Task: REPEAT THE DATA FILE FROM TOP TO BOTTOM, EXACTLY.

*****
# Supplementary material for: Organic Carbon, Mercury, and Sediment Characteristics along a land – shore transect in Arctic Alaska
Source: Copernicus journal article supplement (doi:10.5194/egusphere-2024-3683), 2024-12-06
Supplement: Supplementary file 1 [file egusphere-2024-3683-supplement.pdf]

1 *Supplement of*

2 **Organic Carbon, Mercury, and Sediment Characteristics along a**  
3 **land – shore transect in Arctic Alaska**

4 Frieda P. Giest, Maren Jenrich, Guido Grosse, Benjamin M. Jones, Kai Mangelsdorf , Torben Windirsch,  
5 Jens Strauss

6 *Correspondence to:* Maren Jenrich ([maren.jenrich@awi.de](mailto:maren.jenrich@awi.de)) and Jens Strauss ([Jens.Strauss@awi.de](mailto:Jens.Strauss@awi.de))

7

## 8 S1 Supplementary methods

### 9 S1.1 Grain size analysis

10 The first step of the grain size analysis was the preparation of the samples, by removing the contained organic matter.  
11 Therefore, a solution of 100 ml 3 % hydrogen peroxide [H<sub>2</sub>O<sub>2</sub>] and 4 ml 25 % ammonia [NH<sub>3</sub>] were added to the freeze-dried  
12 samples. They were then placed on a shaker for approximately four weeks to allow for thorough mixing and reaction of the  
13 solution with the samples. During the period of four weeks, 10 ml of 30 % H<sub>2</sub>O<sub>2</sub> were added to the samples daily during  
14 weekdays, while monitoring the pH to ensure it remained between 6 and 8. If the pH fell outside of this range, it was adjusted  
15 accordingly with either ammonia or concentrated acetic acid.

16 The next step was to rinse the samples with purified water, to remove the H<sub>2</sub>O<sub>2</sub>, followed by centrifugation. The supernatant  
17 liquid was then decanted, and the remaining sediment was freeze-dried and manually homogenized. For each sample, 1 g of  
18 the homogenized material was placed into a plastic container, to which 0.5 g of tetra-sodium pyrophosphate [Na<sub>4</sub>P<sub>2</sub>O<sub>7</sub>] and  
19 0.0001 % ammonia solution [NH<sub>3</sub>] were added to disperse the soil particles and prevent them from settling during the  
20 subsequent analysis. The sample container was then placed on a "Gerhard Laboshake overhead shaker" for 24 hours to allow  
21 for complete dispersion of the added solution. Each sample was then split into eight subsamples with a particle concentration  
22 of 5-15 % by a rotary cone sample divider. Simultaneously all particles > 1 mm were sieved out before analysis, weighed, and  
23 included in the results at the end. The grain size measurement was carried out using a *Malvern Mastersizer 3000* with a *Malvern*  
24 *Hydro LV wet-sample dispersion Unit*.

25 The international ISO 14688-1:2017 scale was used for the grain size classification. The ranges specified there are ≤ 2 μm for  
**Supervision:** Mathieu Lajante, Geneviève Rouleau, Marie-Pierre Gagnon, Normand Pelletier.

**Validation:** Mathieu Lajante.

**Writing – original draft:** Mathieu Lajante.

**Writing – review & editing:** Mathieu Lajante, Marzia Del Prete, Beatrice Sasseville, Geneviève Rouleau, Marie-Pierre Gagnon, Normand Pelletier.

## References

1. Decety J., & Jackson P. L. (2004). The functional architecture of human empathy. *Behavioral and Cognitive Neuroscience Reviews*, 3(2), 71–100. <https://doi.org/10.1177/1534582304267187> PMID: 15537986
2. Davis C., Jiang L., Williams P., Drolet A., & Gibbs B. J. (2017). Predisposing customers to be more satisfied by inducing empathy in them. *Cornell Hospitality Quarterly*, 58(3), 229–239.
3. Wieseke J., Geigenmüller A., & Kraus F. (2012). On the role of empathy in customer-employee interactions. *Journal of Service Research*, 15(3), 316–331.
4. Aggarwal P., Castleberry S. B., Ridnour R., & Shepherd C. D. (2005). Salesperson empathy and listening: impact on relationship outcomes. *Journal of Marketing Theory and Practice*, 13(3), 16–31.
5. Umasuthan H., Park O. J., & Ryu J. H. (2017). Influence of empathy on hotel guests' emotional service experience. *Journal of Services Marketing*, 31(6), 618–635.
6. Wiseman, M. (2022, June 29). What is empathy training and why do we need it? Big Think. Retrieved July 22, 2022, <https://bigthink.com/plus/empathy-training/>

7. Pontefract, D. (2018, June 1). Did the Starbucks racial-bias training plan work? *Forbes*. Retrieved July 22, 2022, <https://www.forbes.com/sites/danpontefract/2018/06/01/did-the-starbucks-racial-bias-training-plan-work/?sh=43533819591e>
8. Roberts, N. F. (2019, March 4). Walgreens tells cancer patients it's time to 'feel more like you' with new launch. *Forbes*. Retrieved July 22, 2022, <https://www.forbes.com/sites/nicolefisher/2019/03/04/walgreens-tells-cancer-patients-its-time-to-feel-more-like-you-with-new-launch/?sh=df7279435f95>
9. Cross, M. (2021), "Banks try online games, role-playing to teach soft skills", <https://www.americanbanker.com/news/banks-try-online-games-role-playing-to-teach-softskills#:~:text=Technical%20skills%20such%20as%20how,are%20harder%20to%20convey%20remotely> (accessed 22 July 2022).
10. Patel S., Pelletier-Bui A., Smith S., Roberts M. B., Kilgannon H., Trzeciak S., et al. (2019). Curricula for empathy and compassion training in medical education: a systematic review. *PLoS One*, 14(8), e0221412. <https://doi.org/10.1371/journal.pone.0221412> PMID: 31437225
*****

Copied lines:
# Supplementary material for: Organic Carbon, Mercury, and Sediment Characteristics along a land – shore transect in Arctic Alaska
Source: Copernicus journal article supplement (doi:10.5194/egusphere-2024-3683), 2024-12-06
Supplement: Supplementary file 1 [file egusphere-2024-3683-supplement.pdf]

1 *Supplement of*

2 **Organic Carbon, Mercury, and Sediment Characteristics along a**  
3 **land – shore transect in Arctic Alaska**

4 Frieda P. Giest, Maren Jenrich, Guido Grosse, Benjamin M. Jones, Kai Mangelsdorf , Torben Windirsch,  
5 Jens Strauss

6 *Correspondence to:* Maren Jenrich ([maren.jenrich@awi.de](mailto:maren.jenrich@awi.de)) and Jens Strauss ([Jens.Strauss@awi.de](mailto:Jens.Strauss@awi.de))

7

## 8 S1 Supplementary methods

### 9 S1.1 Grain size analysis

10 The first step of the grain size analysis was the preparation of the samples, by removing the contained organic matter.  
11 Therefore, a solution of 100 ml 3 % hydrogen peroxide [H<sub>2</sub>O<sub>2</sub>] and 4 ml 25 % ammonia [NH<sub>3</sub>] were added to the freeze-dried  
12 samples. They were then placed on a shaker for approximately four weeks to allow for thorough mixing and reaction of the  
13 solution with the samples. During the period of four weeks, 10 ml of 30 % H<sub>2</sub>O<sub>2</sub> were added to the samples daily during  
14 weekdays, while monitoring the pH to ensure it remained between 6 and 8. If the pH fell outside of this range, it was adjusted  
15 accordingly with either ammonia or concentrated acetic acid.

16 The next step was to rinse the samples with purified water, to remove the H<sub>2</sub>O<sub>2</sub>, followed by centrifugation. The supernatant  
17 liquid was then decanted, and the remaining sediment was freeze-dried and manually homogenized. For each sample, 1 g of  
18 the homogenized material was placed into a plastic container, to which 0.5 g of tetra-sodium pyrophosphate [Na<sub>4</sub>P<sub>2</sub>O<sub>7</sub>] and  
19 0.0001 % ammonia solution [NH<sub>3</sub>] were added to disperse the soil particles and prevent them from settling during the  
20 subsequent analysis. The sample container was then placed on a "Gerhard Laboshake overhead shaker" for 24 hours to allow  
21 for complete dispersion of the added solution. Each sample was then split into eight subsamples with a particle concentration  
22 of 5-15 % by a rotary cone sample divider. Simultaneously all particles > 1 mm were sieved out before analysis, weighed, and  
23 included in the results at the end. The grain size measurement was carried out using a *Malvern Mastersizer 3000* with a *Malvern*  
24 *Hydro LV wet-sample dispersion Unit*.

25 The international ISO 14688-1:2017 scale was used for the grain size classification. The ranges specified there are ≤ 2 μm for  
**Supervision:** Mathieu Lajante, Geneviève Rouleau, Marie-Pierre Gagnon, Normand Pelletier.

**Validation:** Mathieu Lajante.

**Writing – original draft:** Mathieu Lajante.

**Writing – review & editing:** Mathieu Lajante, Marzia Del Prete, Beatrice Sasseville, Geneviève Rouleau, Marie-Pierre Gagnon, Normand Pelletier.

## References

1. Decety J., & Jackson P. L. (2004). The functional architecture of human empathy. *Behavioral and Cognitive Neuroscience Reviews*, 3(2), 71–100. <https://doi.org/10.1177/1534582304267187> PMID: 15537986
2. Davis C., Jiang L., Williams P., Drolet A., & Gibbs B. J. (2017). Predisposing customers to be more satisfied by inducing empathy in them. *Cornell Hospitality Quarterly*, 58(3), 229–239.
3. Wieseke J., Geigenmüller A., & Kraus F. (2012). On the role of empathy in customer-employee interactions. *Journal of Service Research*, 15(3), 316–331.
4. Aggarwal P., Castleberry S. B., Ridnour R., & Shepherd C. D. (2005). Salesperson empathy and listening: impact on relationship outcomes. *Journal of Marketing Theory and Practice*, 13(3), 16–31.
5. Umasuthan H., Park O. J., & Ryu J. H. (2017). Influence of empathy on hotel guests' emotional service experience. *Journal of Services Marketing*, 31(6), 618–635.
6. Wiseman, M. (2022, June 29). What is empathy training and why do we need it? Big Think. Retrieved July 22, 2022, <https://bigthink.com/plus/empathy-training/>

7. Pontefract, D. (2018, June 1). Did the Starbucks racial-bias training plan work? *Forbes*. Retrieved July 22, 2022, <https://www.forbes.com/sites/danpontefract/2018/06/01/did-the-starbucks-racial-bias-training-plan-work/?sh=43533819591e>
8. Roberts, N. F. (2019, March 4). Walgreens tells cancer patients it's time to 'feel more like you' with new launch. *Forbes*. Retrieved July 22, 2022, <https://www.forbes.com/sites/nicolefisher/2019/03/04/walgreens-tells-cancer-patients-its-time-to-feel-more-like-you-with-new-launch/?sh=df7279435f95>
9. Cross, M. (2021), "Banks try online games, role-playing to teach soft skills", <https://www.americanbanker.com/news/banks-try-online-games-role-playing-to-teach-softskills#:~:text=Technical%20skills%20such%20as%20how,are%20harder%20to%20convey%20remotely> (accessed 22 July 2022).
10. Patel S., Pelletier-Bui A., Smith S., Roberts M. B., Kilgannon H., Trzeciak S., et al. (2019). Curricula for empathy and compassion training in medical education: a systematic review. *PLoS One*, 14(8), e0221412. <https://doi.org/10.1371/journal.pone.0221412> PMID: 31437225